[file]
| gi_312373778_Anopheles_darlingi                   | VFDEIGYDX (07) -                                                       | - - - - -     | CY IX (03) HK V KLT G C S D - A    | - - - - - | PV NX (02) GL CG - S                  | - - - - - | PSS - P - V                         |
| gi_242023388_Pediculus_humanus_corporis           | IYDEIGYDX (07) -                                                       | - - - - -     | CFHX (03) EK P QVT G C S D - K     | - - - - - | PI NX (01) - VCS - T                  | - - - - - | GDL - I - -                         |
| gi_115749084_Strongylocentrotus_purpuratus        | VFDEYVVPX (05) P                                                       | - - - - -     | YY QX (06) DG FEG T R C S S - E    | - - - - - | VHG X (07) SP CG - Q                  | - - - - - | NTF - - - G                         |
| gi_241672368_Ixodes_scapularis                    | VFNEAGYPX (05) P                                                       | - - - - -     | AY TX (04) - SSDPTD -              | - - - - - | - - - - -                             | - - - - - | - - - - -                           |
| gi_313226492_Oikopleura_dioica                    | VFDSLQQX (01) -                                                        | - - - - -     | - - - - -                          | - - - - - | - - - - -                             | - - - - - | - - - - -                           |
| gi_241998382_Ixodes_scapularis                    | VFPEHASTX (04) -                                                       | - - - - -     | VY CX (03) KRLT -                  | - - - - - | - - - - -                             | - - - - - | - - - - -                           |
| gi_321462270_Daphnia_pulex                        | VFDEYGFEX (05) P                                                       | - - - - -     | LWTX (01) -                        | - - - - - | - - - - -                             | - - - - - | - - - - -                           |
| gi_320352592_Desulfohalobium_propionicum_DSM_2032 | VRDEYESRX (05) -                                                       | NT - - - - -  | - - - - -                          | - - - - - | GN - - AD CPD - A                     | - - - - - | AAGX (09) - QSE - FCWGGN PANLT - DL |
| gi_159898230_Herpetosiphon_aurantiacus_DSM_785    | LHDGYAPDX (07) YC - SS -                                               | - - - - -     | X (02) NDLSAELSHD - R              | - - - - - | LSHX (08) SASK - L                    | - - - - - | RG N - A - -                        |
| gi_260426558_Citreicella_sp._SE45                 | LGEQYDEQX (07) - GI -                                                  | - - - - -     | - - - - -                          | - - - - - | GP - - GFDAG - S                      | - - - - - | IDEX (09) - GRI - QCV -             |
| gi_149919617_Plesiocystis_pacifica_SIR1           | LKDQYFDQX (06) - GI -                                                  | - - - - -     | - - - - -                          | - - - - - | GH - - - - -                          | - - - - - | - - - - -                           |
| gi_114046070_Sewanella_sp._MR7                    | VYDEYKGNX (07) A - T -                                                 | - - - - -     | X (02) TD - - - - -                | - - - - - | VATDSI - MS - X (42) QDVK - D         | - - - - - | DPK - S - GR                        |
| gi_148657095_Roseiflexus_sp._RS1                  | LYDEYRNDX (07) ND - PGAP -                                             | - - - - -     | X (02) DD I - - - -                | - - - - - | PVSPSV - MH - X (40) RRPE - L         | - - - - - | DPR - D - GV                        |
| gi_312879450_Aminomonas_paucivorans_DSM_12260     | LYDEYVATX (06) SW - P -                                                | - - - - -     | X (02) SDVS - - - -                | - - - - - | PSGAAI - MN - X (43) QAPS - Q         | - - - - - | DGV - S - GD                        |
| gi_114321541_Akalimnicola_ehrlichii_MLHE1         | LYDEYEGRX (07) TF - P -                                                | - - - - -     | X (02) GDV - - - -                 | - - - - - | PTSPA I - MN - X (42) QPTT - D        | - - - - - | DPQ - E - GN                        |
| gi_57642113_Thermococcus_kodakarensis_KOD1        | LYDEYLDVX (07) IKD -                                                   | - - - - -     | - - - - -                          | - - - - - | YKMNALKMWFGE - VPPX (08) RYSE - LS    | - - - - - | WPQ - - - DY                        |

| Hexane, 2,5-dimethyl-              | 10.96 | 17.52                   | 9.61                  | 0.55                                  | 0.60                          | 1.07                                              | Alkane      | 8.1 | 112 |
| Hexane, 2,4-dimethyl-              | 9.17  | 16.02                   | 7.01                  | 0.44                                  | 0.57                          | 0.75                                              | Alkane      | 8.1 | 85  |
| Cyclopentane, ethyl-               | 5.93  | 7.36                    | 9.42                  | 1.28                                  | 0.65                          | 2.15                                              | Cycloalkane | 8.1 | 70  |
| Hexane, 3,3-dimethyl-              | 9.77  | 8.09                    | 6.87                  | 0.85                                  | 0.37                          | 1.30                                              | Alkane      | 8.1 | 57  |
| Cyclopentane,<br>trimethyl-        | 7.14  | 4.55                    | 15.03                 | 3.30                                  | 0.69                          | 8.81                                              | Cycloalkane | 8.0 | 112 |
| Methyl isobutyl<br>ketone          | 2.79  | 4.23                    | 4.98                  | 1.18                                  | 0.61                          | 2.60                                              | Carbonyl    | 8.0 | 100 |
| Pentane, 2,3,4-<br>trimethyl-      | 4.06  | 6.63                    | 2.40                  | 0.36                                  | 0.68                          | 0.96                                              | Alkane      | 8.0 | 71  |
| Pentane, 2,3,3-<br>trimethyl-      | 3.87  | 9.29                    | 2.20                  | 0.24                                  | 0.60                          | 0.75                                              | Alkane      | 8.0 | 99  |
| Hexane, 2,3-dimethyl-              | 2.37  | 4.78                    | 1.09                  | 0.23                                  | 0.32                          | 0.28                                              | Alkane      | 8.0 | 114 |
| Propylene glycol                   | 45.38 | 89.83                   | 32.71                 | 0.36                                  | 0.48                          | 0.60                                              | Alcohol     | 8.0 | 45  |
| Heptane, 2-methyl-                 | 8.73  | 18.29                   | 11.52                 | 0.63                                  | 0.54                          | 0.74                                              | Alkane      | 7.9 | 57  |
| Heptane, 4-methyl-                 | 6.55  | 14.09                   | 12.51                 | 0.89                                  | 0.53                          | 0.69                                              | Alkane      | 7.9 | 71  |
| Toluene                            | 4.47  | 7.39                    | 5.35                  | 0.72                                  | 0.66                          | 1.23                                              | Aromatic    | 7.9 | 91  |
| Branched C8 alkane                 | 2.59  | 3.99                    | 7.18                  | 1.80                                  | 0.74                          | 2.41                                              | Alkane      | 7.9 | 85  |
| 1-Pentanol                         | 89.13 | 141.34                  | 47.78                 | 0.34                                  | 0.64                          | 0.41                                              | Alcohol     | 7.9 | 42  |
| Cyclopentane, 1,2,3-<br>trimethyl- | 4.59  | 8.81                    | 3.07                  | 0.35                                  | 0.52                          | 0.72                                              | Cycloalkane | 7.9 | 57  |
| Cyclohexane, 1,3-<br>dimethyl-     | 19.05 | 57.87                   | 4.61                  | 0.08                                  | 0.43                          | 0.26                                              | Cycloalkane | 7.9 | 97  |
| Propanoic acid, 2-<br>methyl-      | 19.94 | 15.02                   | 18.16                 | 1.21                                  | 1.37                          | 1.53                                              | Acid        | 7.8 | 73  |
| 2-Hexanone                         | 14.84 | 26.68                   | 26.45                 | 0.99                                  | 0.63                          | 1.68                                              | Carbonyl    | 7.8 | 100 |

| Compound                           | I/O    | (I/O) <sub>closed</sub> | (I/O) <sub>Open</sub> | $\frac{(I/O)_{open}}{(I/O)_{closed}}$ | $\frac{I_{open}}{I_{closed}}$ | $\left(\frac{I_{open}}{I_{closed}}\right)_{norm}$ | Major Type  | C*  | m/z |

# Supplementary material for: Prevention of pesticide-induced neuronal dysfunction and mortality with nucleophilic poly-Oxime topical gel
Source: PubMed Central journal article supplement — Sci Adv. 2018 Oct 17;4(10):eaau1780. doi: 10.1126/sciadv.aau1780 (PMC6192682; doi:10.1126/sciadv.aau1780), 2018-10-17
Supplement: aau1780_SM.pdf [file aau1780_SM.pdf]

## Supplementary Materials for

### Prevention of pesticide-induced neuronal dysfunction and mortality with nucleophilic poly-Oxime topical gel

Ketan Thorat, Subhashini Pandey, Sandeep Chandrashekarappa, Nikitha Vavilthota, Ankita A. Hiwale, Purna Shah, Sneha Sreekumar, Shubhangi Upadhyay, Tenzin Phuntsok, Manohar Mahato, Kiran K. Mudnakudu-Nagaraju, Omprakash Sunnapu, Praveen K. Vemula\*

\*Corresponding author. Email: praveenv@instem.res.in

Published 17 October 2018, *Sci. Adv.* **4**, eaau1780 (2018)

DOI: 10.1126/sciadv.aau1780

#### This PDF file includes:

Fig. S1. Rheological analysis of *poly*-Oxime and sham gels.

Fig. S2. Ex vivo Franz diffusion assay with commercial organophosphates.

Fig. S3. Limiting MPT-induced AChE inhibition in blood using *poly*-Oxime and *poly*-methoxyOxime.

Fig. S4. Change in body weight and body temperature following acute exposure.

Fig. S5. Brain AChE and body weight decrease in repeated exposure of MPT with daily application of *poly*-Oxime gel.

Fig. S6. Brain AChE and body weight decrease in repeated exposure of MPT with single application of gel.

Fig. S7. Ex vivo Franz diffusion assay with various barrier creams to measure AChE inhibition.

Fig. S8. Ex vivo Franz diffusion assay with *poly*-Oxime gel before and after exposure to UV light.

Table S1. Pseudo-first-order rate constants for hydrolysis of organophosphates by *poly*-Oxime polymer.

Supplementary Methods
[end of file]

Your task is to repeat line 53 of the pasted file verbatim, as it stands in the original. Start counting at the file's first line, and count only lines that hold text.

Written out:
Fig. S7. Ex vivo Franz diffusion assay with various barrier creams to measure AChE inhibition.